Former Wells Fargo CEO John Stumpf and other members of Wells Fargo’s upper management might have known about the widespread fraud at the company years before they have claimed.
The former employee, unnamed in the letter and the CNNMoney article, wrote that he or she had been transferred after warning supervisors of “unethical (and illegal) activity activity to Wells Fargo Regional Bank.”
“In Northern California’s Greater Bay Region, the activity is widespread and so highly encouraged that it has become a normal sales practice,” the September 2007 letter warned. “Left unchecked, the inevitable outcome shall be one of professional and reputational damage, consumer fraud, and shareholder lawsuits, coupled by regulatory sanctions.”
Today, those predictions look prescient.
The employee, who had worked at Wells Fargo since 1992, eventually won a federal whistleblower retaliation lawsuit against the company in 2008. The employee filed the lawsuit in February 2007, according to the letters.
“I am not a traitor, I am not impetuous, I am not some hyper-malcontent,” the letter read.
Wells Fargo was unable to confirm whether the letter had been received, and CNNMoney said it had not been able to confirm whether the letter had been sent.
“[I]n the absence of more specific details, we were unable to determine the existence of the referenced letters,” a representative for the bank, Richele Messick wrote in an email Tuesday. “But, in general, letters received by John Stumpf would have been forwarded to the appropriate channel for review, investigation and response.”
That comes after investigations found that Wells Fargo has created some 2 million phony accounts between 2011 and 2015, leading 5,300 employees to get fired, executive clawbacks, and Stumpf’s sudden “retirement.”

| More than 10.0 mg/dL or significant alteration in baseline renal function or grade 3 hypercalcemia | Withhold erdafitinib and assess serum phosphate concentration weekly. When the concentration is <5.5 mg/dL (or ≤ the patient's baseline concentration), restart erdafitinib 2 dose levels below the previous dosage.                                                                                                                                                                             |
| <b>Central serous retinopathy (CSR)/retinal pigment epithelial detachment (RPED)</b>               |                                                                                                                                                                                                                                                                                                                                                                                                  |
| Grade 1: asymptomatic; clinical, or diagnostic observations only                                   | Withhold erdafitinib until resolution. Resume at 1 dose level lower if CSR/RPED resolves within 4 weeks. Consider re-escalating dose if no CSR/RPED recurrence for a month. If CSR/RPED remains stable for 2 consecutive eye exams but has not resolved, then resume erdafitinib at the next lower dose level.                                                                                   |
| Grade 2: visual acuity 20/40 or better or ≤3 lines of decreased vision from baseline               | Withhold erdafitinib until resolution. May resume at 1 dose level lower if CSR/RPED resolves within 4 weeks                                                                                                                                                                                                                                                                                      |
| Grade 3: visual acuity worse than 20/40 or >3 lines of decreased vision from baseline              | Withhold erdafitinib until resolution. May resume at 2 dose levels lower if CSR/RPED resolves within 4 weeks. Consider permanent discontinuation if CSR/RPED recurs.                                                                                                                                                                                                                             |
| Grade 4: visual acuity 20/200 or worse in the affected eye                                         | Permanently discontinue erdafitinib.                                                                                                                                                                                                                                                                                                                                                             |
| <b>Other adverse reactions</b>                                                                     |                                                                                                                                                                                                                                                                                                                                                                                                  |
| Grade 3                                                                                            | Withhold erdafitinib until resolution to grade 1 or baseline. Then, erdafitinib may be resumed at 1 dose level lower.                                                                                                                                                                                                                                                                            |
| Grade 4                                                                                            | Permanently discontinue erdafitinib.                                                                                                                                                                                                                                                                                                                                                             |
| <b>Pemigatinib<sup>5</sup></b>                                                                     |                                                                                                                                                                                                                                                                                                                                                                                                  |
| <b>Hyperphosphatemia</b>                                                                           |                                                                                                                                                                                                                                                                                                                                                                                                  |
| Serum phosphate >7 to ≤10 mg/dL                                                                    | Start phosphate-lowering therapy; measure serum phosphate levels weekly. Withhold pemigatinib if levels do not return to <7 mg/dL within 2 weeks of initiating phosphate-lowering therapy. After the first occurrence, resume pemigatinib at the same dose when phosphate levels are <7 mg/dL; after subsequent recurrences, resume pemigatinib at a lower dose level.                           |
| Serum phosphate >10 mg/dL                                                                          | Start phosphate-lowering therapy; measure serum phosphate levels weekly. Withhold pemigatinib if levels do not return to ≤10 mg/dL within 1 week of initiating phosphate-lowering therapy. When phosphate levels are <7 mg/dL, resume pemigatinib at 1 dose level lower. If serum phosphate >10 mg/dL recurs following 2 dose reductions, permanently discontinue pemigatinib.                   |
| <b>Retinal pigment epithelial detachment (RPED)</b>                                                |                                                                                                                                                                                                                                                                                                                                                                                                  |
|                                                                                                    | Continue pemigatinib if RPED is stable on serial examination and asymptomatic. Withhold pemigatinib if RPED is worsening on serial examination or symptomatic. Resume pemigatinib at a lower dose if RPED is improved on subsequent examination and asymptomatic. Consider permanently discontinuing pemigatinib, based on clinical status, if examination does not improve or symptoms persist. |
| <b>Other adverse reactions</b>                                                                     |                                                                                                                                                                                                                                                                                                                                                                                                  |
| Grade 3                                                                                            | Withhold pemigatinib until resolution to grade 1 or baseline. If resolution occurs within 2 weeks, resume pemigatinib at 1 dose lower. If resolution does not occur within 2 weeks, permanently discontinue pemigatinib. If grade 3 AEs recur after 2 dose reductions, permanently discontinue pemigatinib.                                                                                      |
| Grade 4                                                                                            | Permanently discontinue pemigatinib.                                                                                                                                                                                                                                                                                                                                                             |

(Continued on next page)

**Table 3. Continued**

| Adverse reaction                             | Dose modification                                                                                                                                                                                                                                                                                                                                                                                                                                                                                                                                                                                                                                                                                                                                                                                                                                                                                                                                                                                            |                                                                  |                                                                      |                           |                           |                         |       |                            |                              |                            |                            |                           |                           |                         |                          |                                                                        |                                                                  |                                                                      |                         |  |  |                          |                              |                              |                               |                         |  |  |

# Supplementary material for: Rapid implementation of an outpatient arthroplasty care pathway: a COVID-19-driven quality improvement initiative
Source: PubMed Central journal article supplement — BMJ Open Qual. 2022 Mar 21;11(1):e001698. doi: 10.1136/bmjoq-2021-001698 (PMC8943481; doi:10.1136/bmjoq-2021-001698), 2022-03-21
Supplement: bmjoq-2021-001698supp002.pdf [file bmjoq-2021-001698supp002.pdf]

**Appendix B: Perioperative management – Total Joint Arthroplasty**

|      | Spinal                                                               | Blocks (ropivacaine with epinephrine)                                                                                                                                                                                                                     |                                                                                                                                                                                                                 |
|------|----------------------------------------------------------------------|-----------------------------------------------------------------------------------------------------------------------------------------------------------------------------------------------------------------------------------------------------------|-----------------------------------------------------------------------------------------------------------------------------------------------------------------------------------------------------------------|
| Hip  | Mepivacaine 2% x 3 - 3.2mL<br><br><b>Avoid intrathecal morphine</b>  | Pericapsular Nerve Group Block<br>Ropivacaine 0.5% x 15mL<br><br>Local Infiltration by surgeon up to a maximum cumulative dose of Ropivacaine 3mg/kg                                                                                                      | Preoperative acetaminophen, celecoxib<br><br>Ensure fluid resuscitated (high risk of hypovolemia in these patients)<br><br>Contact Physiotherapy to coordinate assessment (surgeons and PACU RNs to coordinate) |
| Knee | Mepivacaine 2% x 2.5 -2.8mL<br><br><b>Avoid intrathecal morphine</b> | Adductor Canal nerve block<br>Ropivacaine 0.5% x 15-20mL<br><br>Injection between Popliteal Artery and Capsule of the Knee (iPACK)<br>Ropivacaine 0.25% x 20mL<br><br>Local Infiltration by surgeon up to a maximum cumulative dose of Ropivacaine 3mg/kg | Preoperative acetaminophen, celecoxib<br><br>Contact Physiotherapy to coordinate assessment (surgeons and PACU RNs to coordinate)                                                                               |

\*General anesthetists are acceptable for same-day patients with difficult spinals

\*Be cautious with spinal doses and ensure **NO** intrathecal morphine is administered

Under oath before Senate in September though, Stumpf maintained that he was unaware of the account problems until 2013.
Former Wells Fargo employees have come forward in light of the scandal to say that the practice of creating fake accounts had been around since before 2011. Others have recalled attempts to alerted their higher ups about the fraudulent accounts—but were left with a black mark.
A former Wells Fargo personal banker identified as just “Ashley” by NPR’s Planet Money, tried to alert her supervisors about the unwanted accounts. She eventually began to refuse to meet her quotas. When she did, her higher ups warned her it would go on her personal record, making it very difficult for her to gain another banking job.
After she was fired from Wells Fargo, Ashley couldn’t find another job in banking. She later discovered that Wells Fargo had written her up on a form U5, saying that she had failed to perform job duties. The form would have been seen by all banks considering her for a position.
Stumpf is walking away with roughly $133 million.
Several U.S. district attorneys offices, the U.S. House of Representatives, and the U.S. Senate have each opened up investigations into the account scandal. Wells Fargo’s board of directors has also launched its own independent investigation into the sales practices.